A Federal Job Guarantee is the BEST. IDEA. EVER.

The idea of a Federal Job Guarantee is this: everyone who wants to work gets to work. Guaranteed. The federal government will hire anyone who applies, and put them to work.


The first problem people think of is the cost. Would it cost a lot? Absolutely. Would it break the bank? Lol no. Right now there are approximately 7,600,000 people in the U.S. who want work, are looking for work, and can’t find work. At $12 an hour, 40 hours a week, 50 weeks a year, the baseline cost of employing one person is $24,000. The baseline cost of employing all 7,600,000 people would be 182 billion dollars; that’s less than a third of our military budget. That’s 5% of our current federal budget. Even if you assume administrative costs double the price of the program, it’s still manageable, and besides — the administrative costs wouldn’t be as high as you think. Need someone to calculate the payroll? You’ve already hired all the unemployed accountants. Need to build working space? You’ve hired all the unemployed construction workers. There are certain to be additional costs, especially at the start of the program, but here’s my point: it’s not a fiscal fantasy. We could start implementing a Federal Job Guarantee TODAY!

What could we possibly do with so much labor?

Fix our crumbling bridges and roads. Upgrade our internet infrastructure. Increase public happiness and welfare by building more parks in disadvantaged neighborhoods. Build better schools for inner-city kids. Build fresh new houses for those living in slums. Hire more policemen to keep the streets safe, if that’s what you’re into. Build massive arrays of solar panels to power our cities in an environmentally friendly way.

We’d be paying them more than minimum wage! What’s to stop workers at other companies resigning to join this new government workforce?

Wow, this is a problem. I guess companies will just have to pay their workers fairer wages… Such a pity. But hey! Suddenly 7.6 million people will have a secure job and money to spend! Lower stress levels will mean less money spent on health care, and less economic anxiety will mean that even already-employed workers will feel more comfortable spending.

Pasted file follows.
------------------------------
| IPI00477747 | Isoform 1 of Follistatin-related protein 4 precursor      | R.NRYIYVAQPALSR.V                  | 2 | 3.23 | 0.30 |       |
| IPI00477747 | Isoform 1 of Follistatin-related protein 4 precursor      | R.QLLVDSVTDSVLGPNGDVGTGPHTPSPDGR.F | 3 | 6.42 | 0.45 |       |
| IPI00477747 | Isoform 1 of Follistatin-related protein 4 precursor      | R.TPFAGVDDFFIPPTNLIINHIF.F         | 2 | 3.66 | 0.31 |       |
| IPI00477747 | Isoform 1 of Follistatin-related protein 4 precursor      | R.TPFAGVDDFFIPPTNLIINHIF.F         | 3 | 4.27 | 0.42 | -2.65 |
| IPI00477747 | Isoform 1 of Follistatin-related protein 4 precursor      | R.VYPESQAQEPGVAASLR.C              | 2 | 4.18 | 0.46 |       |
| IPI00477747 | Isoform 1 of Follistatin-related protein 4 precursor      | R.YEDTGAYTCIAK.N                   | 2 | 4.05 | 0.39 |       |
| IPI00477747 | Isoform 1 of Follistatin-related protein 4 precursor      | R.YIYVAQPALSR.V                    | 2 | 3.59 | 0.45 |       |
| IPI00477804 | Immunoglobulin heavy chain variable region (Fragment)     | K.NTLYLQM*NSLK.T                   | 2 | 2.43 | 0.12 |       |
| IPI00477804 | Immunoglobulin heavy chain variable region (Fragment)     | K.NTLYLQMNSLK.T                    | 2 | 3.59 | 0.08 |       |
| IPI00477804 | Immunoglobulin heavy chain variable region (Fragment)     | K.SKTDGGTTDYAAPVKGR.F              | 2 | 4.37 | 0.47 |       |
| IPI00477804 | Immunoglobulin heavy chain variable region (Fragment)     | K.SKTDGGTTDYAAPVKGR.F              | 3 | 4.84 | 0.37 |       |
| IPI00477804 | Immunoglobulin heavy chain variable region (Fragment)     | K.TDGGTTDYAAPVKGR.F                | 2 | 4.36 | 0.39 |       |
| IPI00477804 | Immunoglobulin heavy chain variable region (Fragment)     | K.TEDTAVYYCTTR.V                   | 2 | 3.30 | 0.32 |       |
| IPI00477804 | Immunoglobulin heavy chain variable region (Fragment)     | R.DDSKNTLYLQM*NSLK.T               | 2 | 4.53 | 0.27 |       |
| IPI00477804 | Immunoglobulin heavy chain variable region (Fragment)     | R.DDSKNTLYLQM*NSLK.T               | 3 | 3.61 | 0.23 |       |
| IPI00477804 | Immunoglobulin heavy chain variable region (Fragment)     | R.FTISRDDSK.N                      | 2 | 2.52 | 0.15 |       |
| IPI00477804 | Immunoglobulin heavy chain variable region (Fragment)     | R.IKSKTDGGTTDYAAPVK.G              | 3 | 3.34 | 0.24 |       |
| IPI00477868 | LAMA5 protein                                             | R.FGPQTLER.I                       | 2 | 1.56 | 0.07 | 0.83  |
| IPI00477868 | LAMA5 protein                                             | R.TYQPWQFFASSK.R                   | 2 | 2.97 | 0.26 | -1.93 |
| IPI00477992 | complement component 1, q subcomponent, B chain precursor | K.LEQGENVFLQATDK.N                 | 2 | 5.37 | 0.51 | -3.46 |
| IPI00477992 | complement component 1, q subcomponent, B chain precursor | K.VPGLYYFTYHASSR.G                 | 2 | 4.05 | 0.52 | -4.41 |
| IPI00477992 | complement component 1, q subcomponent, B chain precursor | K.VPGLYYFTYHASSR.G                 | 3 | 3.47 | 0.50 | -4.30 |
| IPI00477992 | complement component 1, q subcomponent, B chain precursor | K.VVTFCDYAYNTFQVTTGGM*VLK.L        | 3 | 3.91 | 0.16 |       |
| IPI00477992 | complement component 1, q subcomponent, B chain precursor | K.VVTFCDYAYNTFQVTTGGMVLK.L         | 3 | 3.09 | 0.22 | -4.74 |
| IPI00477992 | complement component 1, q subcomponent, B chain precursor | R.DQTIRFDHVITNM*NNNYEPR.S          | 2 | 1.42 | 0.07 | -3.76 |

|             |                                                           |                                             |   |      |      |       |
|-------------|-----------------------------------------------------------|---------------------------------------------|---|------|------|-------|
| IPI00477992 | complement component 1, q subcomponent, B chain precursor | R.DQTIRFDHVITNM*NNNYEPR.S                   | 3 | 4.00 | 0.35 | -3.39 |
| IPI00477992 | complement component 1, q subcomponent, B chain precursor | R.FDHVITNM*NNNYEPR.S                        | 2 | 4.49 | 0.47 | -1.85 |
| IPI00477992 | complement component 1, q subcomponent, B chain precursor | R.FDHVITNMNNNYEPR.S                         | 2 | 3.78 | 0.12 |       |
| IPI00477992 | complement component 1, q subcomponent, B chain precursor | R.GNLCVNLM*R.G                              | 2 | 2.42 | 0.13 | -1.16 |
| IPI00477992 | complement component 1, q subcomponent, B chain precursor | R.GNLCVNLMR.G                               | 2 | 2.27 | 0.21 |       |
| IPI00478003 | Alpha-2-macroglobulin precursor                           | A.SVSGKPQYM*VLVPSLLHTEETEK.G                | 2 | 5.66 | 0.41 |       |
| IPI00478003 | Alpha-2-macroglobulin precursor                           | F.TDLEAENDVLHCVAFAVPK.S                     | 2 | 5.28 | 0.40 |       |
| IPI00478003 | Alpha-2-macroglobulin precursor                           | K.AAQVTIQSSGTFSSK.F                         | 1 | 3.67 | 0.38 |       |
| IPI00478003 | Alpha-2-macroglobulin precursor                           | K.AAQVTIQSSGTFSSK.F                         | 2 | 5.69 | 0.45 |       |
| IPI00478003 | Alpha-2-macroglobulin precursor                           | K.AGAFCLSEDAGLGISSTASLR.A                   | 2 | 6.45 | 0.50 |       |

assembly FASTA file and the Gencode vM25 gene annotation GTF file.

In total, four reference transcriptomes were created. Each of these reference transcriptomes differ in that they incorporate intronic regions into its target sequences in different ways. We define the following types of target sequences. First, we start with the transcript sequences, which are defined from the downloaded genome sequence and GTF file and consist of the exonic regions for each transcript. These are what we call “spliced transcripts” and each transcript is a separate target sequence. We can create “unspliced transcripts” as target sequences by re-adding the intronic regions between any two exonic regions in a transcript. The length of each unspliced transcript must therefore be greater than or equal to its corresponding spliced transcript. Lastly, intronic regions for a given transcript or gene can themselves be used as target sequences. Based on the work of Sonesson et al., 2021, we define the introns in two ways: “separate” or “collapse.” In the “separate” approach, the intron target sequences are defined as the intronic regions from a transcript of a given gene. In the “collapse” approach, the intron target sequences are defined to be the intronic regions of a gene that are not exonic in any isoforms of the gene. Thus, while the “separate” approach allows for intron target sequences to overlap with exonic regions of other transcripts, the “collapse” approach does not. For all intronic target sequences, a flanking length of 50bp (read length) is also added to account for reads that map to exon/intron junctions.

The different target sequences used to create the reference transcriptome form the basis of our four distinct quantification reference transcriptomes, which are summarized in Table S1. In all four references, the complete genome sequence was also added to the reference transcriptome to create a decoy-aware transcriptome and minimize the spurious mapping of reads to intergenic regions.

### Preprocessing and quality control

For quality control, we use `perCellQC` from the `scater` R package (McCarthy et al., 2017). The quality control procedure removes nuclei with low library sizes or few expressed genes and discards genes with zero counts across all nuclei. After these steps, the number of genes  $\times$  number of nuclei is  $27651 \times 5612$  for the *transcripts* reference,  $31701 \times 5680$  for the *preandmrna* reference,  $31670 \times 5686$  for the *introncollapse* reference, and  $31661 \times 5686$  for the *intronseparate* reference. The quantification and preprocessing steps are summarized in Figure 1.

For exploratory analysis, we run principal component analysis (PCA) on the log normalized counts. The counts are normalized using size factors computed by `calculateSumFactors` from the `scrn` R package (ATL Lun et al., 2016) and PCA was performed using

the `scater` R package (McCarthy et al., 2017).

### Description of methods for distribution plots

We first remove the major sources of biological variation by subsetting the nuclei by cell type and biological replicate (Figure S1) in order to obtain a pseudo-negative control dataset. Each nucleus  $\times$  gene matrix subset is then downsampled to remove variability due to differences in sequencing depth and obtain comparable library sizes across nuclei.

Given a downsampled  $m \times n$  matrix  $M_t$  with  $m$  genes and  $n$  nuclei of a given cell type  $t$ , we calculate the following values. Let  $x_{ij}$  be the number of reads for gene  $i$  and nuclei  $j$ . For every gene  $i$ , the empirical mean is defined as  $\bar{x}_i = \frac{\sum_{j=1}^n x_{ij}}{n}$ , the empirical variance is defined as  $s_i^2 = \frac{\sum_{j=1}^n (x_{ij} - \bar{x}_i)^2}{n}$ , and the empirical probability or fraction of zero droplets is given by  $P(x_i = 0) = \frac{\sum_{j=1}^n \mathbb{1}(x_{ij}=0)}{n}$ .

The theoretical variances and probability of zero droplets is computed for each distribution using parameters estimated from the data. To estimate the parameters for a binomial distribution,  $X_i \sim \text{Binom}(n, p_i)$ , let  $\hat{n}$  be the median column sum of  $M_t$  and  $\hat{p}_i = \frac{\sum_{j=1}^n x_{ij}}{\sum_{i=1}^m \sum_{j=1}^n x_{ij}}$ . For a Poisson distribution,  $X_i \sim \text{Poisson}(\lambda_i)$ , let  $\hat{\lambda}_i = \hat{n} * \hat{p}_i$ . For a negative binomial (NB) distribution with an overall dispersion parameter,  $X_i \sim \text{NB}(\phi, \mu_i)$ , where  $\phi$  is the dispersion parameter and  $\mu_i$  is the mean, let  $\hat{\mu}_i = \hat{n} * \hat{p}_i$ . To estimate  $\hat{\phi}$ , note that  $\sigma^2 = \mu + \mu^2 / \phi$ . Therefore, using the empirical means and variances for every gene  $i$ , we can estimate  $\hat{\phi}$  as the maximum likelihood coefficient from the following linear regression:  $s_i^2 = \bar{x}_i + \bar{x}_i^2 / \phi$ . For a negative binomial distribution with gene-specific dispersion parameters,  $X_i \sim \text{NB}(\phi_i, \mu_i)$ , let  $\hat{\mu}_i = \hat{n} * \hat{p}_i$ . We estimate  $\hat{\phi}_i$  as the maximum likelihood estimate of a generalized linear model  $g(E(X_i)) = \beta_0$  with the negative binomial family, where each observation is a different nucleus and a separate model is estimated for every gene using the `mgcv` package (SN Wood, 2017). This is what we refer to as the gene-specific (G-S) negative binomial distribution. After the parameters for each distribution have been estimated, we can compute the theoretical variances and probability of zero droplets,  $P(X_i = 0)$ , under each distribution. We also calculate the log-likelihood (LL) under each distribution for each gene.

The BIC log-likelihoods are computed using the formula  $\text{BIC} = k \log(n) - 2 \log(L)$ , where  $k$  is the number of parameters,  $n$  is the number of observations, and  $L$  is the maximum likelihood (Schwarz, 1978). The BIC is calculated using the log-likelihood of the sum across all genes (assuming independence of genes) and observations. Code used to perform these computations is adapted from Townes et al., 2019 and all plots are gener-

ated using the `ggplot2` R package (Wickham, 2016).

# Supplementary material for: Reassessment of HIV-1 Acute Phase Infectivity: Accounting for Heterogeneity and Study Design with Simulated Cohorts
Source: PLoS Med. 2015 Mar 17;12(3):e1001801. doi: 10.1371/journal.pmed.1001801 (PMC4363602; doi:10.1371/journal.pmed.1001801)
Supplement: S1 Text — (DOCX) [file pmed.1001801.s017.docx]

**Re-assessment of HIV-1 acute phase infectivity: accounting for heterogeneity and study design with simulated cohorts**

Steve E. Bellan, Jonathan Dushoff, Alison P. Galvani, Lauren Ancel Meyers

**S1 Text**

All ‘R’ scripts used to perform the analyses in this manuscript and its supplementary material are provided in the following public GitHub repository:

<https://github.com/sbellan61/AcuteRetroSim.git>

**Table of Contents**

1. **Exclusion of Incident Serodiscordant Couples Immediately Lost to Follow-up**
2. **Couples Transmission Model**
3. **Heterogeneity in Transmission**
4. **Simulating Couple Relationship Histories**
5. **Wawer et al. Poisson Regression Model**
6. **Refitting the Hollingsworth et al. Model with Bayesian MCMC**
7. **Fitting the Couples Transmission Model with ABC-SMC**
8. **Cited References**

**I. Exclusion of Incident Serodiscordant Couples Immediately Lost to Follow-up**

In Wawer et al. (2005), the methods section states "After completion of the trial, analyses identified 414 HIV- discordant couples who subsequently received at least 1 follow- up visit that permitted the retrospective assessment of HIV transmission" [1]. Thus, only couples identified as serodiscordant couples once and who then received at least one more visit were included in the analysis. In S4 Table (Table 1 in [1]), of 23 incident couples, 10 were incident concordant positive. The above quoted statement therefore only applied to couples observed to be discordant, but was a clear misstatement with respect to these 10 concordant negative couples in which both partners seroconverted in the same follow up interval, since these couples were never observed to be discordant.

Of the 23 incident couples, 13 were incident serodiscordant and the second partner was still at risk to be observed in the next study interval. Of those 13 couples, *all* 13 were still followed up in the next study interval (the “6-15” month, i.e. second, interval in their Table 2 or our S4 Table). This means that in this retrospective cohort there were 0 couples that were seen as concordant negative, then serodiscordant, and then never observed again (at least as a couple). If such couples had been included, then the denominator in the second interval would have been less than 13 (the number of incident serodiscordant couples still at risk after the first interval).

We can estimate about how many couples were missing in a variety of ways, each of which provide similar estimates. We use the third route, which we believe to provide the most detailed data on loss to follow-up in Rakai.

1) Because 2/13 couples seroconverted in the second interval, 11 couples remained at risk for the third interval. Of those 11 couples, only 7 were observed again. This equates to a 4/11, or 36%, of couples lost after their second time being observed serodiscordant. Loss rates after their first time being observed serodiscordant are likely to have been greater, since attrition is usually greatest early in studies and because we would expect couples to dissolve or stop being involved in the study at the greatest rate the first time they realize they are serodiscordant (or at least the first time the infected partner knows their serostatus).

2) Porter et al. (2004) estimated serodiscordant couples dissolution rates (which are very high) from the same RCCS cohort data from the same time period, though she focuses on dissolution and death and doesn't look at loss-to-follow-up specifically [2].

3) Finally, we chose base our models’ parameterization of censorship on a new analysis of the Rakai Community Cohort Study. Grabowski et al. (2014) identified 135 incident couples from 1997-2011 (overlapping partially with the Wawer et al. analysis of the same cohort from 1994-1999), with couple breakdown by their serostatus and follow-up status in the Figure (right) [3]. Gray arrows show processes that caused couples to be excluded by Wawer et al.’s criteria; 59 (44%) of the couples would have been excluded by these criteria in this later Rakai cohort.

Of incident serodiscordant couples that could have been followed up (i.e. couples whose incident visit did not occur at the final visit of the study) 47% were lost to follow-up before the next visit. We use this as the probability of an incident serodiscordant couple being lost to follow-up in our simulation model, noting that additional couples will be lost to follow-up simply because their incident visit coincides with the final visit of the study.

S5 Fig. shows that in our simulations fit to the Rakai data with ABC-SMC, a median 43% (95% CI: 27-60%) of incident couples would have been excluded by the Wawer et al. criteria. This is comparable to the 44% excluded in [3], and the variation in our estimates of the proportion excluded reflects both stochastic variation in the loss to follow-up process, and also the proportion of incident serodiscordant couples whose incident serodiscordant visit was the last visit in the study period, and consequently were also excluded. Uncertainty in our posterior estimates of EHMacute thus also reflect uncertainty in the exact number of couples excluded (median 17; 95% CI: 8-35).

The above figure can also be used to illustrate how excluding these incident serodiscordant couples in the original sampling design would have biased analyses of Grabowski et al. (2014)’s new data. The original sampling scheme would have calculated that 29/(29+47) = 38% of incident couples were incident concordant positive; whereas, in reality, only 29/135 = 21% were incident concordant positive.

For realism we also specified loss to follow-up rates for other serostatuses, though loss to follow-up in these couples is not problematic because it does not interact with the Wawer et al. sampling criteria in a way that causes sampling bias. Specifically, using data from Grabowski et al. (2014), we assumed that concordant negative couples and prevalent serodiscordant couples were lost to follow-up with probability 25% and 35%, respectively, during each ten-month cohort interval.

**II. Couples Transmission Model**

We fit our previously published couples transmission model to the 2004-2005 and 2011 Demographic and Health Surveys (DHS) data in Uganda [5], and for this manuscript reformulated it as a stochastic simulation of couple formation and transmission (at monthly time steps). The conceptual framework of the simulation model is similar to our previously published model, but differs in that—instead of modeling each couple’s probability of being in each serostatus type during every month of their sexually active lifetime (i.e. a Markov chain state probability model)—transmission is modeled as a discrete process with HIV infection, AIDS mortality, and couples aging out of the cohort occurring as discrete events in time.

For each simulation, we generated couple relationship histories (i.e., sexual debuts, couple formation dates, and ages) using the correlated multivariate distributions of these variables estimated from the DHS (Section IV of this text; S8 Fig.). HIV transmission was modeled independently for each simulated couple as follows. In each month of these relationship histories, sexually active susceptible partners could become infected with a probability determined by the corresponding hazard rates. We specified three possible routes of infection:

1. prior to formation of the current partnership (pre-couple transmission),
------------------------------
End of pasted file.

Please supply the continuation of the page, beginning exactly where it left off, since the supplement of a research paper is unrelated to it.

What happens if there are more people than we can find work to assign?

First: as this program gets going, more people will be spending more money and companies will need to hire more people to keep up with the growing demand. This will provide an opportunity for people working under the Federal Job Guarantee to migrate back to the private sector. Unlike time spent unemployed, time spent working under the Federal Job Guarantee won’t lead to a loss in relevant job skills.

Second: if we find ourselves with an overabundance of workers, we could identify the best and brightest amongst this population and provide them with further education and training. This would add cost to the program, but it would do much to provide opportunity to the disadvantaged, and as entry-level jobs become progressively automated we’ll need the skilled workforce.

What about the vast masses of people who aren’t counted as unemployed because they’ve stopped looking for employment?

This program is the best way to draw these people back into the labor market. If you’ve spent years unemployed, and have just stopped searching for a job, you’ve lost hope. With a Federal Job Guarantee, you know you’ll get a job again. These people, the ones who’ve lost hope, won’t flood the program all at once, but even if they did — even if we had to employ 76 million instead of 7.6 million — we could still afford it. How? Think about it: a Federal Job Guarantee would basically eliminate poverty, more effectively than any other program ever could. The government runs a number of other social programs with the goal of helping the poor, and putting Federal Job Guarantee into place would mean that millions of people would find themselves off other forms of welfare. In addition, by increasing the labor pool available to federal agencies, a Federal Job Guarantee would reduce the efficacy of the entire governmental bureaucracy as a whole.

Would this program hire people with criminal records?

It must! Private companies are already unwilling to hire those with criminal records — if no one will hire a criminal, what option do they have but to return to crime? If we truly want to keep people with criminal records from committing crimes in the future, what better way than finding meaningful work for them to do to improve society?

Wouldn’t this just be unwelcome government intrusion?

If you don’t have a job no one’s forcing you to work — they’re just inviting you to work. And if you do have a job no one’s forcing you to leave that job to go work for the government. Some companies would find themselves faced with higher labor costs, since they’d have to pay workers more to stay, but this would be counter-balanced by the enormous increase in demand.

What about the threat of inflation?

In order to reduce the shock to the economy, we could start the program slow. The first year, applicants to the program would be accepted by lottery. Over the next few years we could slowly ramp up the portion accepted. This would give the market time to compensate for the increased demand for goods and services by increasing the supply, and the need to increase supply would provide jobs to some of the rejected candidates, thereby reducing the number of people the Federal Job Guarantee will have to eventually employ. It’d be a virtuous cycle. An increase in demand won’t be accompanied by inflation if the market is given time to compensate by increasing supply.

Show your support

Clapping shows how much you appreciated Antonio Perez’s story.